It all began with a slow set-up focused on two very different detectives teaming up to solve a murder. It built through a crescendo of elevating darkness, with despair and deceit at the centre of each episode. It blew us away with an astonishing six-minute tracking shot at the end of episode four that shifted the drama into something urgent and alive. Now, it beckons our attention with every scene, lest we miss a subtle nuance or line of dialogue to reveal more about the broken hearts and battered psyches of Detectives Martin Hart and Rust Cohle. Few series have busted out of the gate with such brooding brilliance, only to sweep that from underneath us – and in the process, become even bolder by the minute. “The Secret Fate of All Life” is a disarming hour of television that flips everything we thought we might have known about True Detective in the most satisfying way.
After murdering LeDoux and an anonymous cook partner while also catching two young children he may have held captive – one dead, one alive and her disappearance unreported – Hart and Cohle become the darlings of the Louisiana police force. Even in 2012, both men gloat about the hail of gunfire they faced, a story we soon realize does fit the actual events. (Also noticed: a Jesus-like tattoo emblazoned into LeDoux’s upper left bicep looks suspiciously like Cohle.)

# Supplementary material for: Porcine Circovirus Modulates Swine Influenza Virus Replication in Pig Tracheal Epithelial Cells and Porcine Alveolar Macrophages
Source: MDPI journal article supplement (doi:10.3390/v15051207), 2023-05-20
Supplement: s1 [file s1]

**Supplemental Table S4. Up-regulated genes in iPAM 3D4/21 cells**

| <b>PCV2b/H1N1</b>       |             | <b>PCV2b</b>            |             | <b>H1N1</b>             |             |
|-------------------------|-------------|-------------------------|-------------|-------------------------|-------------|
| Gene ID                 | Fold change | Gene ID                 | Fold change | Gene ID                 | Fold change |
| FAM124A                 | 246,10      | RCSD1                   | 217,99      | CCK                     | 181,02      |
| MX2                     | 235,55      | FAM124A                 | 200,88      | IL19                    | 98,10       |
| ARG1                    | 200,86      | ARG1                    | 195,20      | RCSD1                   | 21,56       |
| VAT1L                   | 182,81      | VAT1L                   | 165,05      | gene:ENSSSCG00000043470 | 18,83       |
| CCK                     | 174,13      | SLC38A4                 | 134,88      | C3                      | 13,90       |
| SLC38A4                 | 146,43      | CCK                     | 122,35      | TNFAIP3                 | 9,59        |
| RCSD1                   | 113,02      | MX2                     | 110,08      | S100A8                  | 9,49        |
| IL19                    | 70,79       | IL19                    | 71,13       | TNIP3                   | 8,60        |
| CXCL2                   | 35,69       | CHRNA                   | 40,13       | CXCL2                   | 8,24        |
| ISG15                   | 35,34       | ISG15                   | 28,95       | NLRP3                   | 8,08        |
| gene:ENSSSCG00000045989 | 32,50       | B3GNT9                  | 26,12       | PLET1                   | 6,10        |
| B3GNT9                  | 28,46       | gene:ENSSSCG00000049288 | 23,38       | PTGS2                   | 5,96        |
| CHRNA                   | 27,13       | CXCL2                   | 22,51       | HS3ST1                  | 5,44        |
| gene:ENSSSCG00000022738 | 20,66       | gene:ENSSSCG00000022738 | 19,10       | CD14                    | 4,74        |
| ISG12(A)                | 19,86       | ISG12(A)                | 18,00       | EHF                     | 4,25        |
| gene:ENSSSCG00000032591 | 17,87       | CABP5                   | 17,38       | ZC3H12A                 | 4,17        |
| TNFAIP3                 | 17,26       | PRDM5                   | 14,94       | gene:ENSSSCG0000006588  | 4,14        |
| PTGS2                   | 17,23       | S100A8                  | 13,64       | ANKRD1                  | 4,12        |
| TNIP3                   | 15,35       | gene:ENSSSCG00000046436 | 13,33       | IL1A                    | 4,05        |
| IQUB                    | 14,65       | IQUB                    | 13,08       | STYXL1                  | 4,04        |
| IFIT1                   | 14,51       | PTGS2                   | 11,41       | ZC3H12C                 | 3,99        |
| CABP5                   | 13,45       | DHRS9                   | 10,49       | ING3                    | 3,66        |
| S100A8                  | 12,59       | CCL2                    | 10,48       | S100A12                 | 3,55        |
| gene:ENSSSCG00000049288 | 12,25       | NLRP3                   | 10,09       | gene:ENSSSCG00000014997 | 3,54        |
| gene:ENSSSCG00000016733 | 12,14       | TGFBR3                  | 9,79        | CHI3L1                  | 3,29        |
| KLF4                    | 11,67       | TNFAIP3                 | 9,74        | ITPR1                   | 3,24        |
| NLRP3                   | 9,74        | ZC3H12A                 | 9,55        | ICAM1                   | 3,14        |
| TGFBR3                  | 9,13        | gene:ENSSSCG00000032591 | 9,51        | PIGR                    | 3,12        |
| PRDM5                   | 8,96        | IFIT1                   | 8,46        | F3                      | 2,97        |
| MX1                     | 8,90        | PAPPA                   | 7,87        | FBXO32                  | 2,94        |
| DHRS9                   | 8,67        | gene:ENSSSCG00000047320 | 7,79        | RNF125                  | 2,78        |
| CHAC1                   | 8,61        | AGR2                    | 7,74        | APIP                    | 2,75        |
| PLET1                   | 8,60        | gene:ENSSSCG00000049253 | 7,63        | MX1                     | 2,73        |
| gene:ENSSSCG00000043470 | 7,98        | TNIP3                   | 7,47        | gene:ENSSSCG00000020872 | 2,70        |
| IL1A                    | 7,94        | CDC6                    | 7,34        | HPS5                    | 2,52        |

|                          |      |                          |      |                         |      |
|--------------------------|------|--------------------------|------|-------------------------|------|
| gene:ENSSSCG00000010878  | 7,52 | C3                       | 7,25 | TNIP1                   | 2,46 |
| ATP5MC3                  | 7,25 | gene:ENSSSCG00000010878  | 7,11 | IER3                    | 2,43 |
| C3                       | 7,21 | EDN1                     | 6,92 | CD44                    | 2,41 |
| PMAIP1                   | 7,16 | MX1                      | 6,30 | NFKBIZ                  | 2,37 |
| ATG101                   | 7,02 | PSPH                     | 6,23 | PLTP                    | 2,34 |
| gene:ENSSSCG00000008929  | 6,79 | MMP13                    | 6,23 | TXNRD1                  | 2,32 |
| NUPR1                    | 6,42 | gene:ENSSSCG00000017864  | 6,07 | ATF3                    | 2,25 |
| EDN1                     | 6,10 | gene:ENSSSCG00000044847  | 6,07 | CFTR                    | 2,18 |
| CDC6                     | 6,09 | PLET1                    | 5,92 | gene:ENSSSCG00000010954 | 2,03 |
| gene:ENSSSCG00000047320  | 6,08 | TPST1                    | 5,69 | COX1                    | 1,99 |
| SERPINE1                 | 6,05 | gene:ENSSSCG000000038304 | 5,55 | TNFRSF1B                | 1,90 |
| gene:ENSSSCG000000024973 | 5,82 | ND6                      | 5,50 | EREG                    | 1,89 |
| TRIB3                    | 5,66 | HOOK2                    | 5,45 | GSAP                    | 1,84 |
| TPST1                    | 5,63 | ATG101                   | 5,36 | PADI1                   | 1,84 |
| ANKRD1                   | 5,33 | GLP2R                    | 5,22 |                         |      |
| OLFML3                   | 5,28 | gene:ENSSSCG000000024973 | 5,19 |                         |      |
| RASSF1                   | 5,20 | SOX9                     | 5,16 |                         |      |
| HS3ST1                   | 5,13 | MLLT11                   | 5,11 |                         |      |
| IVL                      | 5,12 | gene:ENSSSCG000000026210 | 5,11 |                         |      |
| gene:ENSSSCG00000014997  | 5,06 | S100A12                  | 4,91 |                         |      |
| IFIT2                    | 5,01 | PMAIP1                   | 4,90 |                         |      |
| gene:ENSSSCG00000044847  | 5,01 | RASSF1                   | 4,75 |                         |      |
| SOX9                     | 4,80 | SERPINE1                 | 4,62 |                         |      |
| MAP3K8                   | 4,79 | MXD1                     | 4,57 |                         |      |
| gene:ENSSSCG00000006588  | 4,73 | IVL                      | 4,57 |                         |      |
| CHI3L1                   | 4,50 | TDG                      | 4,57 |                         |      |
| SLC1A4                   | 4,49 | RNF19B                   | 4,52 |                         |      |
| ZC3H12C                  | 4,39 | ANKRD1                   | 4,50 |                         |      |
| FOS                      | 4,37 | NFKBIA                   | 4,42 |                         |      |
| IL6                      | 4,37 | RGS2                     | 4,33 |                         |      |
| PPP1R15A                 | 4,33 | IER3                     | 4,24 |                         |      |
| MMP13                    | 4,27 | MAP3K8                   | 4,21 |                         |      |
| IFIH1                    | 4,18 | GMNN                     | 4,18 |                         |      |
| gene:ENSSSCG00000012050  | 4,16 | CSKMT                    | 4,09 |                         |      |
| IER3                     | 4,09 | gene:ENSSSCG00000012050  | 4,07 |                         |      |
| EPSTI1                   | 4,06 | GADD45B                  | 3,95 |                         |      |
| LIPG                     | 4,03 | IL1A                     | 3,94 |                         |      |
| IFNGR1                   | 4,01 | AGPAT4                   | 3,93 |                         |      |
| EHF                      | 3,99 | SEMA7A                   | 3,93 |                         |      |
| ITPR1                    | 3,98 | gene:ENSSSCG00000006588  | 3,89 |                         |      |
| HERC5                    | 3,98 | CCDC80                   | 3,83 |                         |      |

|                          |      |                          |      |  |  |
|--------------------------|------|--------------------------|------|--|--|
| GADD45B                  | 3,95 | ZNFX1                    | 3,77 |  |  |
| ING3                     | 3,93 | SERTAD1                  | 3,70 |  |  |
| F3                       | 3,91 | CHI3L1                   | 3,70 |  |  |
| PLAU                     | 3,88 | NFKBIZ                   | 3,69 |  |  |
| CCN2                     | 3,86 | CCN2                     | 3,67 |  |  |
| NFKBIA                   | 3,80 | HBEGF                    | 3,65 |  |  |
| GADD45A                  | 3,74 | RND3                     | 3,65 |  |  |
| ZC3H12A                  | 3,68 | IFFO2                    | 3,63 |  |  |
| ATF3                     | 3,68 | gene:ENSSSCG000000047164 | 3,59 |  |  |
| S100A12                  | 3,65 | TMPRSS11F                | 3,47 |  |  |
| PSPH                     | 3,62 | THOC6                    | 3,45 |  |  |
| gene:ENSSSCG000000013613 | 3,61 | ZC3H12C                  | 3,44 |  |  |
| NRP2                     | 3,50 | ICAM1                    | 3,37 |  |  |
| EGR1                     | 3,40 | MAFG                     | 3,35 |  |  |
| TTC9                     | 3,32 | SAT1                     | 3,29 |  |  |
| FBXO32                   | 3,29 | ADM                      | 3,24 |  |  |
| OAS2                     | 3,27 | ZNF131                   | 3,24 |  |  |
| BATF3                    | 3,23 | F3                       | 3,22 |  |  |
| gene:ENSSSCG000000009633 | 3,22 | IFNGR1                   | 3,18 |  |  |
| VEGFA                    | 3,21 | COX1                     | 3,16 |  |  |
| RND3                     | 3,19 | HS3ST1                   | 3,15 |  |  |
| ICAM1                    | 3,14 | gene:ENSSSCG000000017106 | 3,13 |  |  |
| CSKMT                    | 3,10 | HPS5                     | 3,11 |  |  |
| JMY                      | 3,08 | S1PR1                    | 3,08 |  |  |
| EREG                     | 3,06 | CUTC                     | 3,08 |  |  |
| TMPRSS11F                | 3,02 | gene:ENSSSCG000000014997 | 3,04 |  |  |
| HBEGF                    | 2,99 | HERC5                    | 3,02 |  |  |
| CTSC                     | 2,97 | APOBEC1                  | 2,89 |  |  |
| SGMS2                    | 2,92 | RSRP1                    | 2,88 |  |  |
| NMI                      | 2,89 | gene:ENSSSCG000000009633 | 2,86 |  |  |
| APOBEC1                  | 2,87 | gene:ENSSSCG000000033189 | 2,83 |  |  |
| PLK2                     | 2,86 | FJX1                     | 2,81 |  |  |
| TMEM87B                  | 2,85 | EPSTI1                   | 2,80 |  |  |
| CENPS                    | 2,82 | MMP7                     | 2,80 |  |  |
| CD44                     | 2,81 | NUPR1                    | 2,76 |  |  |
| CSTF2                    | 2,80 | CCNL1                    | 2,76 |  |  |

Their decision to go in alone after getting tipped off to the cookhouse location is unchallenged. Hart reaps the reward of becoming a local hero, using it to help mend the wounds of his marriage with Maggie and re-connecting with his kids. Through a dazzling transition – Hart’s young daughters separate hands as a black pick-up truck comes up behind him and an older, inked up Audrey Hart steps out – we move into 2002. Both men are now married – Elizabeth Reaser pops up in a blink-or-miss-it cameo as Cohle’s police chief belle, likely meaning she will have more to do in future episodes – but the scars of their past are still burning and their careers still on a long road to ruin.
Cohle is front and centre in this episode, his face often shown in a split lighting arrangement that keeps part of it shrouded in darkness. It is a fitting visual motif, considering how little we actually know about the enigma that is Rust Cohle. The unhinged cop, so attentive to getting all of the details right and so adept at playing the part to capture Dora Lange’s murderer, may have been the bad guy this whole time.
This is an incredibly shocking plot development, but it is actually not too far-fetched. The series had lingered away from capturing Cohle’s demonic-like cynicism to focus on Hart’s hypocrisy and infidelity. However, now that officers Gilbough (Michael Potts) and Papania (Tory Kittles) reveal that the character is a potential suspect in 2012, we are not too doubtful that he has both the psychological trauma and the intelligence to pull off an incendiary double life.
When True Detective started, what made Cohle stand out from the beats of other television cops was his unrelentingly dour outlook on life. In his dialogue with Hart, Cohle expressed disgust toward the order of the world and explained that beneath everything, whether it is social order, organized religion or marriage, there were lies. Meanwhile, as the revelations in episode five suggest, that deception oozing underneath the tattered Louisiana landscape could also extend to the cop trying to make sense of it.